The Obama You Don't Know | The Washington Examiner

Chapter VII

Chapter VII: The myth of Obama as state Senate reformer

September 19, 2012 | 12:00 am

Photo - Former Illinois state Sen. Peter Fitzgerald, a maverick Republican and reformer, said Obama never fought corruption, by Republicans or by Democrats: "He never wanted to upset the apple cart with the Chicago machine."
Former Illinois state Sen. Peter Fitzgerald, a maverick Republican and reformer, said Obama never fought corruption, by Republicans or by Democrats: "He never wanted to upset the apple cart with the Chicago machine."

Shortly after Barack Obama won the 2008 presidential election, Prairie State Blue, a liberal blog, attributed his victory to the fact that Illinois' deeply entrenched government corruption had forced "political reformers" in the state legislature like Obama "to network outside the traditional political circles."

The claim illustrated Obama's success throughout his career at presenting himself as an outsider and reformer even as he became a skillful operator inside one of the nation's most corrupt political systems.

Earlier this year, a study by the Illinois Institute of Government and Public Affairs pointed to the convictions in recent years of four governors, two congressmen, a state treasurer, an attorney general and 11 state legislators.

"The two worst crime zones in Illinois are the governor's mansion in Springfield and the City Council Chambers in Chicago," said study author Dick Simpson.

It was into such an environment that Obama stepped when he was first elected in 1996 as an Illinois state senator.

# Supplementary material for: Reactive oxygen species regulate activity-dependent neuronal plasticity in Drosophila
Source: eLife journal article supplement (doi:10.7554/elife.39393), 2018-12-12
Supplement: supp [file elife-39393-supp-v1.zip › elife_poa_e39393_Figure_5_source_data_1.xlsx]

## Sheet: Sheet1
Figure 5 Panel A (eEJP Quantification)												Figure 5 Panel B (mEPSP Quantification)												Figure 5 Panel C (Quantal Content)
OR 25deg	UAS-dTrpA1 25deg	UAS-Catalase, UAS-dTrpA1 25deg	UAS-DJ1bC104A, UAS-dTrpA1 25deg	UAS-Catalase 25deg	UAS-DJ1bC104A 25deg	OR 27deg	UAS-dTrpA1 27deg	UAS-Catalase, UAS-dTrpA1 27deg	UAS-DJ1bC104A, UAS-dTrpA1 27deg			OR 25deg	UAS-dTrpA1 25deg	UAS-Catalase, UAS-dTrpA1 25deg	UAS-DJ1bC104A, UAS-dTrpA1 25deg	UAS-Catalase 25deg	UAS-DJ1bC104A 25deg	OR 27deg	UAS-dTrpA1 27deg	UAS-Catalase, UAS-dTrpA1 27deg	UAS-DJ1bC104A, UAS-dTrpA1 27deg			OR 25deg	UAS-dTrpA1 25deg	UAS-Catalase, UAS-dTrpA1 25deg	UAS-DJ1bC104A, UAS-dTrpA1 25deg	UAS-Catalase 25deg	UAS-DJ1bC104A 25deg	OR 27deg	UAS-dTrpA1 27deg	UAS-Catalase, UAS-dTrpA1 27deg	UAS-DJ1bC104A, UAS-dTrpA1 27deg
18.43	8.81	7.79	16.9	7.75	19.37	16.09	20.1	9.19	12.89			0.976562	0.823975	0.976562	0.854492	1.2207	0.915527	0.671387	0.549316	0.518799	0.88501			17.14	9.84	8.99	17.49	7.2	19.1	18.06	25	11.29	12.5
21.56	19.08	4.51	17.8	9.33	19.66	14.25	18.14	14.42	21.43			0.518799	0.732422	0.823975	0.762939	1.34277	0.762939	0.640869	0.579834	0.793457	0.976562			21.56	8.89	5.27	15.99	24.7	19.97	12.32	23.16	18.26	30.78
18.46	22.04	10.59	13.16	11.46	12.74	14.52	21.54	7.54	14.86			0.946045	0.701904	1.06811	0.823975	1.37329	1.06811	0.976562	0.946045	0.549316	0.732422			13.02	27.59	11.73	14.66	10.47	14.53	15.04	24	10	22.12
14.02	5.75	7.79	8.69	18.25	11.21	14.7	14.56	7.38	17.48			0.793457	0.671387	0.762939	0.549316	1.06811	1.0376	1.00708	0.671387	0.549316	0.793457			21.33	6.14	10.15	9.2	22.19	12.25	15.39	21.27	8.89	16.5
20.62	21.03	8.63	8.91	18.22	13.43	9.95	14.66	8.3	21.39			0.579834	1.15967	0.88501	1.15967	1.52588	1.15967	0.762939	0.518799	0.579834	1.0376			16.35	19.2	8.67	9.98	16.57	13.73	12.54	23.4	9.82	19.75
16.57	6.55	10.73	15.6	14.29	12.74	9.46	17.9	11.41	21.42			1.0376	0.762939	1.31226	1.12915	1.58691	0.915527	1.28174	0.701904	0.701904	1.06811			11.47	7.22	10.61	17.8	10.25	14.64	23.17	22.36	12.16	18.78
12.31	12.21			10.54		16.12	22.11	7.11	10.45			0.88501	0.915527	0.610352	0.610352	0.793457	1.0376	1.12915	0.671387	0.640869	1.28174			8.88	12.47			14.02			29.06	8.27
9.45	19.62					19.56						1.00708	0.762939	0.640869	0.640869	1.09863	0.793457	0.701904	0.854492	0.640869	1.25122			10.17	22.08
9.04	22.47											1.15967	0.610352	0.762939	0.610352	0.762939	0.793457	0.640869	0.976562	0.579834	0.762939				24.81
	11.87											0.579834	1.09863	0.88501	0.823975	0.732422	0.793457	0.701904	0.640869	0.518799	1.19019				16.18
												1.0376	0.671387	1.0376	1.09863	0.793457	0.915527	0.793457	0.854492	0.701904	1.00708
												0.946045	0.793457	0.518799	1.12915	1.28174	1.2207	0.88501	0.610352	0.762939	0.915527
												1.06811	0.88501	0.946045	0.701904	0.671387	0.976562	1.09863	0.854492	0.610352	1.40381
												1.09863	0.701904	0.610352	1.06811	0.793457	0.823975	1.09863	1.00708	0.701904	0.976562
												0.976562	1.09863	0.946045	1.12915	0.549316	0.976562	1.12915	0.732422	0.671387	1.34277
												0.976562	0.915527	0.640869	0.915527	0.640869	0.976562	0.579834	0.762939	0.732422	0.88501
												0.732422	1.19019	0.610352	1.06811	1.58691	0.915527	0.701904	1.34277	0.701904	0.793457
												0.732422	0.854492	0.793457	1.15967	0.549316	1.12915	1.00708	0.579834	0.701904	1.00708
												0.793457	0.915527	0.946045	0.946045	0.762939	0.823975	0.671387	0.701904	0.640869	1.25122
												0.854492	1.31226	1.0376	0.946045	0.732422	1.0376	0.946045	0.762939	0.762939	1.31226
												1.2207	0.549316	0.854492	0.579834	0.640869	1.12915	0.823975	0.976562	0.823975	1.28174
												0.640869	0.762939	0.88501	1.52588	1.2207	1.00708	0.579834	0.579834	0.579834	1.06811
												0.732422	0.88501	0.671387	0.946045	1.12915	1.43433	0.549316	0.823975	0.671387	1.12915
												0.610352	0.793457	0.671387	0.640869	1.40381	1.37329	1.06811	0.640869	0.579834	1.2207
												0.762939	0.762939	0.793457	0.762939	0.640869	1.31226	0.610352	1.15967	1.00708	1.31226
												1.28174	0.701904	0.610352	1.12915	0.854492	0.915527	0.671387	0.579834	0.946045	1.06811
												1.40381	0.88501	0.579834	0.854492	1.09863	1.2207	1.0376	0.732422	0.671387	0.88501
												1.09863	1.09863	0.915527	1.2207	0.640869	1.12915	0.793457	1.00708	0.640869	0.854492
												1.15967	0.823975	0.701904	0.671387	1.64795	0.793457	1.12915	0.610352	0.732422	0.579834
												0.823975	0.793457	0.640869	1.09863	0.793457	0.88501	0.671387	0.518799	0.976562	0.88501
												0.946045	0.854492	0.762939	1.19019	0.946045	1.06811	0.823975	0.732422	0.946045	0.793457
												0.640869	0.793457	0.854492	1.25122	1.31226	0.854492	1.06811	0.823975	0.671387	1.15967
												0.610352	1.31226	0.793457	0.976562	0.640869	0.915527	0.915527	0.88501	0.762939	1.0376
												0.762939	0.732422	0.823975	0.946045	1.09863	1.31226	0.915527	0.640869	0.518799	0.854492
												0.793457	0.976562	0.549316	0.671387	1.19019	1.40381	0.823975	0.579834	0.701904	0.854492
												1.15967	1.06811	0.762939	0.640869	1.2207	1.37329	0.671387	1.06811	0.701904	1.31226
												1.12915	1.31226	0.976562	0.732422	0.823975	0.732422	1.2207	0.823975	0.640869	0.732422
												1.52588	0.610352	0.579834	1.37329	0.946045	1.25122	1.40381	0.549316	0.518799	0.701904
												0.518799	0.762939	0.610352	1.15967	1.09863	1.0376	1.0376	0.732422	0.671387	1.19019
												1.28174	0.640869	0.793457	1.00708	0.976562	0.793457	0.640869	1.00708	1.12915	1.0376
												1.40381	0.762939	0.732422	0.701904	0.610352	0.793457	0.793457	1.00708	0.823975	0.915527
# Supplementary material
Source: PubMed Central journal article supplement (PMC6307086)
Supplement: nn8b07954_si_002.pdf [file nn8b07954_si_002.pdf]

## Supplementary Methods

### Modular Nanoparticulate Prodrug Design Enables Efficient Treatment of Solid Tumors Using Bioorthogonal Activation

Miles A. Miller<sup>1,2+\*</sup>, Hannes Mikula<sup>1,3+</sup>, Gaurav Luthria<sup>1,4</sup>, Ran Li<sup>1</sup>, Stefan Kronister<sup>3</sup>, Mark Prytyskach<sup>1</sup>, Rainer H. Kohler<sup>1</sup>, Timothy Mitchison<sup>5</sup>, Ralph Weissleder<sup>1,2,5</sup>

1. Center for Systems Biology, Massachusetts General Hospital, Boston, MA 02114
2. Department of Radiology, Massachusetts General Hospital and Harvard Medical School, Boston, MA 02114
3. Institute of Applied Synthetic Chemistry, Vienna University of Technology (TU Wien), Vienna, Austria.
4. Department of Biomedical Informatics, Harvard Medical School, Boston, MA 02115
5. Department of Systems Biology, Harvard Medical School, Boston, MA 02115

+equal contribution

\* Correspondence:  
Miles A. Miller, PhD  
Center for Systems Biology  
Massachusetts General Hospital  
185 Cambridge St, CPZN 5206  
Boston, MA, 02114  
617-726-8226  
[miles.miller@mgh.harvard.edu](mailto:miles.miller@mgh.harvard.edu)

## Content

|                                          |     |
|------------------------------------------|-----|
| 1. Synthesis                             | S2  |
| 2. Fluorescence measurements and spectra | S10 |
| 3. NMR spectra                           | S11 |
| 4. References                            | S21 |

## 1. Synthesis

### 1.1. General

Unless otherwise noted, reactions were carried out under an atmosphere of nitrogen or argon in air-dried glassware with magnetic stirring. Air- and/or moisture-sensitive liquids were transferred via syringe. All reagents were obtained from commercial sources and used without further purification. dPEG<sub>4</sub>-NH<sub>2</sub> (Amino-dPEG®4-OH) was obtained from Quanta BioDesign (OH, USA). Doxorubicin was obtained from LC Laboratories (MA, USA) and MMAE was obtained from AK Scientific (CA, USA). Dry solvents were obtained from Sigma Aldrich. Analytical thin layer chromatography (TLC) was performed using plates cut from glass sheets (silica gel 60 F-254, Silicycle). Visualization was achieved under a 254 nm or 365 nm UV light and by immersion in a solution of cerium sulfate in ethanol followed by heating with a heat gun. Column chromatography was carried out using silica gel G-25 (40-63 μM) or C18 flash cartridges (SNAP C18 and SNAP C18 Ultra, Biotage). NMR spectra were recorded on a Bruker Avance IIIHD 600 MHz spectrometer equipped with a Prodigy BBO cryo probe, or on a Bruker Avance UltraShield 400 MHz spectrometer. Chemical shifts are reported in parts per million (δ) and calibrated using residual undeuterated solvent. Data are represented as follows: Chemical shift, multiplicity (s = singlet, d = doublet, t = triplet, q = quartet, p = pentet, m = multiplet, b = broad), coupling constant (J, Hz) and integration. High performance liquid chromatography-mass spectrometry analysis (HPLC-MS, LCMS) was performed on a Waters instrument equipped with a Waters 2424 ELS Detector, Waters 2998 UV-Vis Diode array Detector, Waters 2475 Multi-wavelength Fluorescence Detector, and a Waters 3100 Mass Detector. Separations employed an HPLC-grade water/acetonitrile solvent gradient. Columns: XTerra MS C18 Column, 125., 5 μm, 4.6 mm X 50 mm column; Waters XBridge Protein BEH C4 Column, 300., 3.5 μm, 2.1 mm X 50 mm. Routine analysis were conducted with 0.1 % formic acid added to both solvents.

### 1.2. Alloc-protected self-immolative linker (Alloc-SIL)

Former Illinois Sen. Peter Fitzgerald, a maverick Republican and reformer, told The Washington Examiner that Obama never fought corruption, even when it was being done by Republicans.

"I've never seen him fight corruption. He never wanted to upset the apple cart with the Chicago machine," Fitzgerald said.

After serving with Obama for two years in the Illinois Senate, Fitzgerald defeated Sen. Carol Moseley Braun in 1998 and served one term in the U.S. Senate. His family has been in Illinois banking for several generations.

In Springfield, Fitzgerald was a leader of a reform-minded state legislative caucus known as the "Fab Five." The group's members were Republicans who had been elected in 1992. They fought the establishments in both major parties while seeking to increase openness and transparency in government.

Fab Fiver Steve Rauschenberger told the Examiner that he and his reformist colleagues were taken aback when Obama rejected the group's informal invitations to join them.

"When Barack first arrived, there was a lot of hope that maybe he was the intellectual bridge, the pragmatic Democrat from Chicago who was not part of the machine that we could perhaps talk to about broad-based consensus policies to change public policy that wasn't working," he said.

"He appeared to be interested for a good 90 days," Rauschenberger said. "In March or April of that year, though, he had made it pretty clear he wasn't interested in risk-taking or challenging institutions or challenging the Chicago machine's lock on a lot of the mechanics of government in Cook County in Chicago."

An Examiner review of Fab Five initiatives from 1995 to 2000 identified 22 proposals, including sweeping government procurement reforms like requiring open, competitive bidding for state contracts. Obama missed votes on several of the proposals, and those he supported were approved unanimously.